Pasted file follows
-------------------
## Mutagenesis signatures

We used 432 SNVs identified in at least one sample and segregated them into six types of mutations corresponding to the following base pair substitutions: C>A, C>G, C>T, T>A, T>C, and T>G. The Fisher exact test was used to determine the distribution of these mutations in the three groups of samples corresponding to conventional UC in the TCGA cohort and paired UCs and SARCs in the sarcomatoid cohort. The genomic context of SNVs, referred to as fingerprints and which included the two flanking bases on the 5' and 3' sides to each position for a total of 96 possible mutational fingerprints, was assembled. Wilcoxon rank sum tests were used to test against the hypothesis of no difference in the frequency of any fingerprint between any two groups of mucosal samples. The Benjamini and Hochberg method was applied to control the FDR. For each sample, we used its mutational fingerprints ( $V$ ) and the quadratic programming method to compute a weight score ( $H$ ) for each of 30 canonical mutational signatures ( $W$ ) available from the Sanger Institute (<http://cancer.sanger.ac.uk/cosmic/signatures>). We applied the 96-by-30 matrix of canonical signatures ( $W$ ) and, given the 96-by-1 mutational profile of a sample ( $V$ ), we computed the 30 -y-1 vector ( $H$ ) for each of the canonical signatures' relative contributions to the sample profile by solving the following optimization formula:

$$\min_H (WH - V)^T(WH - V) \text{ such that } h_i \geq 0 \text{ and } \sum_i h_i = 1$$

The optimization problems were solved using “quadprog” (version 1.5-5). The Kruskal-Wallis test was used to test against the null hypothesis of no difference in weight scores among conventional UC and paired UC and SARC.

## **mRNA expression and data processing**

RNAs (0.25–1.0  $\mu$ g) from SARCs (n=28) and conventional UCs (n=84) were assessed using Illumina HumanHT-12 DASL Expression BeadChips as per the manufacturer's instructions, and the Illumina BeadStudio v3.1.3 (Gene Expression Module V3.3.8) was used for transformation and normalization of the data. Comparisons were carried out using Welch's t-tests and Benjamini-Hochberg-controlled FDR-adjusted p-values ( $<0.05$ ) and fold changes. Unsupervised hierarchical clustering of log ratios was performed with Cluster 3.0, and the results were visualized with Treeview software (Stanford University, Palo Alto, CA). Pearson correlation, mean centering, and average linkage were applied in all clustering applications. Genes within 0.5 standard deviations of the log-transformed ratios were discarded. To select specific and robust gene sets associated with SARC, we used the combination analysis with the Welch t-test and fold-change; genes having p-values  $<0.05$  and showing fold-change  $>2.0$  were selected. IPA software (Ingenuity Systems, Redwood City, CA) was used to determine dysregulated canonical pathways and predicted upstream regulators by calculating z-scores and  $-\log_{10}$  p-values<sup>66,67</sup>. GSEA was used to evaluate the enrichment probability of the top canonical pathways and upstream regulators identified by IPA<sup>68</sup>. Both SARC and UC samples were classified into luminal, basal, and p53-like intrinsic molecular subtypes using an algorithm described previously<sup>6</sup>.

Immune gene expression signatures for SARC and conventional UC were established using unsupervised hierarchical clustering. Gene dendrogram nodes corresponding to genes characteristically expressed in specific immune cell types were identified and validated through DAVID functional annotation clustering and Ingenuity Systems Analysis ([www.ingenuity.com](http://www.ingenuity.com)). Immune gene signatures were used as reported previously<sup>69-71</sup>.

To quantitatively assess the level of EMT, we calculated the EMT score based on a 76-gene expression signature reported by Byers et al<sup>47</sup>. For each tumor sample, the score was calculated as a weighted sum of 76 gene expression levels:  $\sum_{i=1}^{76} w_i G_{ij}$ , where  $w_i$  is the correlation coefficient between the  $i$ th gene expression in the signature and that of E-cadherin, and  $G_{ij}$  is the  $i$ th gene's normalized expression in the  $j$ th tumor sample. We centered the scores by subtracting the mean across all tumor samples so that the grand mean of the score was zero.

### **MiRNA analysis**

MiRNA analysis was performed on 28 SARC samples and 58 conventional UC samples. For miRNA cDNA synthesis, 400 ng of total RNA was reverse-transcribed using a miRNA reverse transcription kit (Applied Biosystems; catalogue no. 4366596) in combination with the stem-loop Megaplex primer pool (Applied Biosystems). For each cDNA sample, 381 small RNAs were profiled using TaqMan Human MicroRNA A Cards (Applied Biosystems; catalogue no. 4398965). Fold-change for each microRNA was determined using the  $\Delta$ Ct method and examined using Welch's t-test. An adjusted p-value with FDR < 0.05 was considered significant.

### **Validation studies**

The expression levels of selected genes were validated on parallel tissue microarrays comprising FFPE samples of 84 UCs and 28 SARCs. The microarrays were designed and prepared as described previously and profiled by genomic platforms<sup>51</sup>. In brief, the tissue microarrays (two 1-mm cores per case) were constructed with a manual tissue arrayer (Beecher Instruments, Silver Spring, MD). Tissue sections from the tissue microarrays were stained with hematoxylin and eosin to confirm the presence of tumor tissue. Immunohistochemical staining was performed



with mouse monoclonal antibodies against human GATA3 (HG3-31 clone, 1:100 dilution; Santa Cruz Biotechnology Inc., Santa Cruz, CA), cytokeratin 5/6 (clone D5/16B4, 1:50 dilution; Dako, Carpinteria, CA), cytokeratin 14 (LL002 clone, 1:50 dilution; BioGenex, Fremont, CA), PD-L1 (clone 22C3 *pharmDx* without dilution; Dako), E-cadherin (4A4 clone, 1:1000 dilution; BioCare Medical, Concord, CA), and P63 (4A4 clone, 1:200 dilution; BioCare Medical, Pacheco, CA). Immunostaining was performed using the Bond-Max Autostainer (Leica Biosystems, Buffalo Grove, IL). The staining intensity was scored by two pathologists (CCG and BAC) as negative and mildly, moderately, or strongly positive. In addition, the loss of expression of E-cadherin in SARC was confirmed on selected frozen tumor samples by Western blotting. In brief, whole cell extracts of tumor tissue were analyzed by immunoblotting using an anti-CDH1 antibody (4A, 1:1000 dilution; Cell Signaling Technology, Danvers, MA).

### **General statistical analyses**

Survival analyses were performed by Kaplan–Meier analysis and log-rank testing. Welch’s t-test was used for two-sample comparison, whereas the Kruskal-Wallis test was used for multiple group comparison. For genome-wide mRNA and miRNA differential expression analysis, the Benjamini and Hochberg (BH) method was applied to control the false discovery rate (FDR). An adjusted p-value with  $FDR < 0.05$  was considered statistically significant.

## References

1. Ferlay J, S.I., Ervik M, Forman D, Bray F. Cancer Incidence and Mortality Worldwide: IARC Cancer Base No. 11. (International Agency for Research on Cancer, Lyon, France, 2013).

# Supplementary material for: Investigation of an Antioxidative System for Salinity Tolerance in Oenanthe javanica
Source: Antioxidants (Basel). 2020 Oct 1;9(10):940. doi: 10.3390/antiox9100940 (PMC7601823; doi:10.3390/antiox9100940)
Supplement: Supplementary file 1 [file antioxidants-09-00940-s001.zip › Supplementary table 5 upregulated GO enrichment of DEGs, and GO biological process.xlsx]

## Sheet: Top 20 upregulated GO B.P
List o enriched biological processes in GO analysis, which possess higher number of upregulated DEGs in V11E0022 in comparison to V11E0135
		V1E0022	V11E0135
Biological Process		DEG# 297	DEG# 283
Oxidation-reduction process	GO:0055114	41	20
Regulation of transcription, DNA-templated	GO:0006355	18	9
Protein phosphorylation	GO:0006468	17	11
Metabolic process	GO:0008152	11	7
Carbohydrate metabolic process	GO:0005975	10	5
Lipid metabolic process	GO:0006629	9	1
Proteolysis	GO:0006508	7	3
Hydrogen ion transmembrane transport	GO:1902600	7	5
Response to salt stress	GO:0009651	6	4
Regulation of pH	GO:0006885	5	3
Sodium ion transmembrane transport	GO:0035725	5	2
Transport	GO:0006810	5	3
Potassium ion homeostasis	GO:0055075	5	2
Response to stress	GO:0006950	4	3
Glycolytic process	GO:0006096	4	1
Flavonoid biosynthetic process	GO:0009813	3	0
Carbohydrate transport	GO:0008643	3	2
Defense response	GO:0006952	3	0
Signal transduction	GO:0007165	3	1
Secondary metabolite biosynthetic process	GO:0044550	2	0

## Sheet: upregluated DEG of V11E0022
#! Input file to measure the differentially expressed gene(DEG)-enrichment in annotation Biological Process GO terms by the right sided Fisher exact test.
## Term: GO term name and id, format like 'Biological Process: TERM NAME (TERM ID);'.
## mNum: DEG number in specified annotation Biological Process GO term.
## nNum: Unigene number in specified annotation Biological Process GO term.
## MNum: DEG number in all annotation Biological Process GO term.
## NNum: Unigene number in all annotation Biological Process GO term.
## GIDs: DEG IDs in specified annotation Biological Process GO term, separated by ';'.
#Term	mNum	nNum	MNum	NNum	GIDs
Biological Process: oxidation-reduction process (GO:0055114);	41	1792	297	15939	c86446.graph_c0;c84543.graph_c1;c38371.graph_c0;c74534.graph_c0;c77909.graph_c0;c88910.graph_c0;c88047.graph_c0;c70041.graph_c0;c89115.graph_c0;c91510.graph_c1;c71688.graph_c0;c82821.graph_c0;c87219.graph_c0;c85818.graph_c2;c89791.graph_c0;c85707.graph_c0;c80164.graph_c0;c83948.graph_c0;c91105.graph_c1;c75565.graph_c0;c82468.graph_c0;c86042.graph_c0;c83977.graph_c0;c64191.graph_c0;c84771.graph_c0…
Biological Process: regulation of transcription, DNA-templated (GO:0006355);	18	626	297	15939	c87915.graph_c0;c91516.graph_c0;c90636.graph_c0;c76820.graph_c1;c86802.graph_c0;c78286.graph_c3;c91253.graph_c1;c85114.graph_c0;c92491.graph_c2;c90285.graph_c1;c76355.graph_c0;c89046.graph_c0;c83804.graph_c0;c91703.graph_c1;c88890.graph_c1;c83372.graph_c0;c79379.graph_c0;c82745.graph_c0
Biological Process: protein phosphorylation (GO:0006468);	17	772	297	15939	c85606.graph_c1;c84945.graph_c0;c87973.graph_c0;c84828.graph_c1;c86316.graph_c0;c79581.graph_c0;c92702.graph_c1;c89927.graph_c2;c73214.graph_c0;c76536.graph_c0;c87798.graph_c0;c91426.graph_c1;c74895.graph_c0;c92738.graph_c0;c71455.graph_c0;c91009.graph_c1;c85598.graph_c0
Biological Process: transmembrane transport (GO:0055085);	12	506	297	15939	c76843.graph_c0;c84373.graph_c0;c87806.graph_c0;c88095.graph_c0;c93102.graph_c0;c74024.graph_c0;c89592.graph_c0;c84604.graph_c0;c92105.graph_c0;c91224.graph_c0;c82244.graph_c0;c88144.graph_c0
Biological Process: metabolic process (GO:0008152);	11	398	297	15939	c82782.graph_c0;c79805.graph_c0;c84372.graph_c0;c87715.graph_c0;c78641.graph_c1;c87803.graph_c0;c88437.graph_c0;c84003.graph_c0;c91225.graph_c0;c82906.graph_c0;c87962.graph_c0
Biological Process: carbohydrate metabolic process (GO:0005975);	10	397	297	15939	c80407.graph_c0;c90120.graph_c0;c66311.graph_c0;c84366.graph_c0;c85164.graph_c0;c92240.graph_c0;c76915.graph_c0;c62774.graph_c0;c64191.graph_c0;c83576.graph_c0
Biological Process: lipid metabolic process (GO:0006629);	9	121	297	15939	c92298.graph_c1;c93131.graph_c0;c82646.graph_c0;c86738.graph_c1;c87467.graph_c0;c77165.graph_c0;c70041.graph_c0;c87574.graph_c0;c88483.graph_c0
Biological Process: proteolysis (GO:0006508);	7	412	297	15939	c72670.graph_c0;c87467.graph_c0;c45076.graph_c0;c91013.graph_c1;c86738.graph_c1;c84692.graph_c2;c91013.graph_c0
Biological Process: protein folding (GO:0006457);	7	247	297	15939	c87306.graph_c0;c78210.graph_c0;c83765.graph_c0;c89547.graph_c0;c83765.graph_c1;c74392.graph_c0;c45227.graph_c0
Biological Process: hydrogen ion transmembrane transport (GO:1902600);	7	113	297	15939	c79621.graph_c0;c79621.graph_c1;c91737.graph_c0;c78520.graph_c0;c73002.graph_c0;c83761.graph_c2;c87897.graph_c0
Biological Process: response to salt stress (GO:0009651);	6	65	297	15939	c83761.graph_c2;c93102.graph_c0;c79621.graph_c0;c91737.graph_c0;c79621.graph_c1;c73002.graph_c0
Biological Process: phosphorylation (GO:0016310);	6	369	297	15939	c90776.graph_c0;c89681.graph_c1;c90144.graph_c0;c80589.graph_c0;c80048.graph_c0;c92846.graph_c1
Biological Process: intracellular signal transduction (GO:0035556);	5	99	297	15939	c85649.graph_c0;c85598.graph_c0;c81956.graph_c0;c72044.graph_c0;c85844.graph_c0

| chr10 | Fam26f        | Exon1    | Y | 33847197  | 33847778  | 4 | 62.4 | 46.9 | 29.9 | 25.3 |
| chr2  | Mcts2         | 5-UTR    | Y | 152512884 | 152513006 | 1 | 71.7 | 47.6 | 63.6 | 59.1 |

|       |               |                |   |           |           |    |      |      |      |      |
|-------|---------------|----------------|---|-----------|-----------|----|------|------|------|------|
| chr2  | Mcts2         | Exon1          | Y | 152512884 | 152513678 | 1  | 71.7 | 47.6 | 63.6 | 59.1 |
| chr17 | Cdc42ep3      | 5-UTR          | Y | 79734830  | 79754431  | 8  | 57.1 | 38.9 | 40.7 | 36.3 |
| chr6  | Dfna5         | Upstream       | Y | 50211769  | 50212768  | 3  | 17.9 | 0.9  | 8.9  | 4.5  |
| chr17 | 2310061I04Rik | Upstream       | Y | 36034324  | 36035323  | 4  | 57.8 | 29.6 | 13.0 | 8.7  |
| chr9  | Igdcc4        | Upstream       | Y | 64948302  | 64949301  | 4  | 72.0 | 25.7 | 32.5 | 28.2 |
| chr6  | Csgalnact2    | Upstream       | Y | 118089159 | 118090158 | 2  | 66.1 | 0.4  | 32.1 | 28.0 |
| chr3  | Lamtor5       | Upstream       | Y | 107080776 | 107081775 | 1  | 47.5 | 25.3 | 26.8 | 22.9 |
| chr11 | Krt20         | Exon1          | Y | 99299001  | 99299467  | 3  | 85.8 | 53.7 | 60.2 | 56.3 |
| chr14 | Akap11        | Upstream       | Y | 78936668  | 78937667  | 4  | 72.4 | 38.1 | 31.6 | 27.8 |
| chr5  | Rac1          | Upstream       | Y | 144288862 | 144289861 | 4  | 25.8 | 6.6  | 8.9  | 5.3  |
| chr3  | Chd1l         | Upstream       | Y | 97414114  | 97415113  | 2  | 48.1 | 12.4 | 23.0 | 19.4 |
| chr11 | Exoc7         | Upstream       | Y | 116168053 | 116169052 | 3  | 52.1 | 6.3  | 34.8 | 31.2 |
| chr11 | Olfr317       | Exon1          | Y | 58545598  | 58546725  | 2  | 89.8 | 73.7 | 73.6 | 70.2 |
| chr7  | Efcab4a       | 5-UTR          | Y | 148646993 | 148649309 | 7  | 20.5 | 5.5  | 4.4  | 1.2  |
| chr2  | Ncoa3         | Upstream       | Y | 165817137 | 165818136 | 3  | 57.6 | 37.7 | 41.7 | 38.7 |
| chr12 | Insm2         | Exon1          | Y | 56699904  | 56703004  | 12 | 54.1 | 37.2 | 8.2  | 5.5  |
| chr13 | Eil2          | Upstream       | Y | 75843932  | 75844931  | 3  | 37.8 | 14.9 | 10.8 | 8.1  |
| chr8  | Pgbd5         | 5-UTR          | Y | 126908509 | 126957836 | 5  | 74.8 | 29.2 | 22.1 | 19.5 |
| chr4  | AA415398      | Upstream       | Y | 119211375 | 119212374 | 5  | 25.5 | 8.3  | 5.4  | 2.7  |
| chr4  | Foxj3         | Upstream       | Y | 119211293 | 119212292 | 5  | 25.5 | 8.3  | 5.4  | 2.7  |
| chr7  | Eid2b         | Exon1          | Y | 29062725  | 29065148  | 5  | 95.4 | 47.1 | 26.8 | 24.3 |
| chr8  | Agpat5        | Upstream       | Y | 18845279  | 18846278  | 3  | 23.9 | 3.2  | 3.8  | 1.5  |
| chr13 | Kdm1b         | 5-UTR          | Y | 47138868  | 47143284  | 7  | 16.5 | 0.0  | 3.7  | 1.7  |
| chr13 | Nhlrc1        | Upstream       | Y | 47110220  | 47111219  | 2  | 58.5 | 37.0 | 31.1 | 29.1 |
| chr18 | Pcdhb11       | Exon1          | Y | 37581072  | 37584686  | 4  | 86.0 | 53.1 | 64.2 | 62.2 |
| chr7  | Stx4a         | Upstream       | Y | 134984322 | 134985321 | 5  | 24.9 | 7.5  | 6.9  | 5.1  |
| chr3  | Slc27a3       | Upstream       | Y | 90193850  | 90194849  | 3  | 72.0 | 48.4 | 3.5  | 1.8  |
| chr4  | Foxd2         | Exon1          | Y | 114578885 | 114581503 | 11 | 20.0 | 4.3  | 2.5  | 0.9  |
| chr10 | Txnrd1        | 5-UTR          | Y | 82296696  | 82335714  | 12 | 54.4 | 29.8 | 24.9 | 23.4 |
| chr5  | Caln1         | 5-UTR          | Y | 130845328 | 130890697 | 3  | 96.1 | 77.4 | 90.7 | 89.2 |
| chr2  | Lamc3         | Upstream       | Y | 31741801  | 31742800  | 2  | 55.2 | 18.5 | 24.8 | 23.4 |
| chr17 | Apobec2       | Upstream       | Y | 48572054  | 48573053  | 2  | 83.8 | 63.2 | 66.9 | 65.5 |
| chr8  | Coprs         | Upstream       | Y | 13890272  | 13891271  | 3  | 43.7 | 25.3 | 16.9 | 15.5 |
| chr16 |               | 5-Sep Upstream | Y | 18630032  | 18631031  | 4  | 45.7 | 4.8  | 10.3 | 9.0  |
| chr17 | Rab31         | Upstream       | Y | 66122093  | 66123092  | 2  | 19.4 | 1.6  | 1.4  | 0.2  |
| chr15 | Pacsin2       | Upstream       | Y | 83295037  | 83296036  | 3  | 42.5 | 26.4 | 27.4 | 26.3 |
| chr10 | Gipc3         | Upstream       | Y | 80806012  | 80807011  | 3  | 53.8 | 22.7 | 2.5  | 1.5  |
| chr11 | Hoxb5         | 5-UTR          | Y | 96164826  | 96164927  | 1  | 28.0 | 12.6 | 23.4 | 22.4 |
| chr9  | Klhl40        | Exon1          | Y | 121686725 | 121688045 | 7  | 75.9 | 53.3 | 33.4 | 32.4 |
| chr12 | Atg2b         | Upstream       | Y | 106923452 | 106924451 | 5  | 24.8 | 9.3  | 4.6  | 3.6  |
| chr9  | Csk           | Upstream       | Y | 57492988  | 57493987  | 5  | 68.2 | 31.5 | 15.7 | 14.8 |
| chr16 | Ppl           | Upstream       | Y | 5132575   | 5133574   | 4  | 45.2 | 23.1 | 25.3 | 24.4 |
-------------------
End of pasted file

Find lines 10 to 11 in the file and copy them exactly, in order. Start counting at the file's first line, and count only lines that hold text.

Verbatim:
MiRNA analysis was performed on 28 SARC samples and 58 conventional UC samples. For miRNA cDNA synthesis, 400 ng of total RNA was reverse-transcribed using a miRNA reverse transcription kit (Applied Biosystems; catalogue no. 4366596) in combination with the stem-loop Megaplex primer pool (Applied Biosystems). For each cDNA sample, 381 small RNAs were profiled using TaqMan Human MicroRNA A Cards (Applied Biosystems; catalogue no. 4398965). Fold-change for each microRNA was determined using the  $\Delta$ Ct method and examined using Welch's t-test. An adjusted p-value with FDR < 0.05 was considered significant.

### **Validation studies**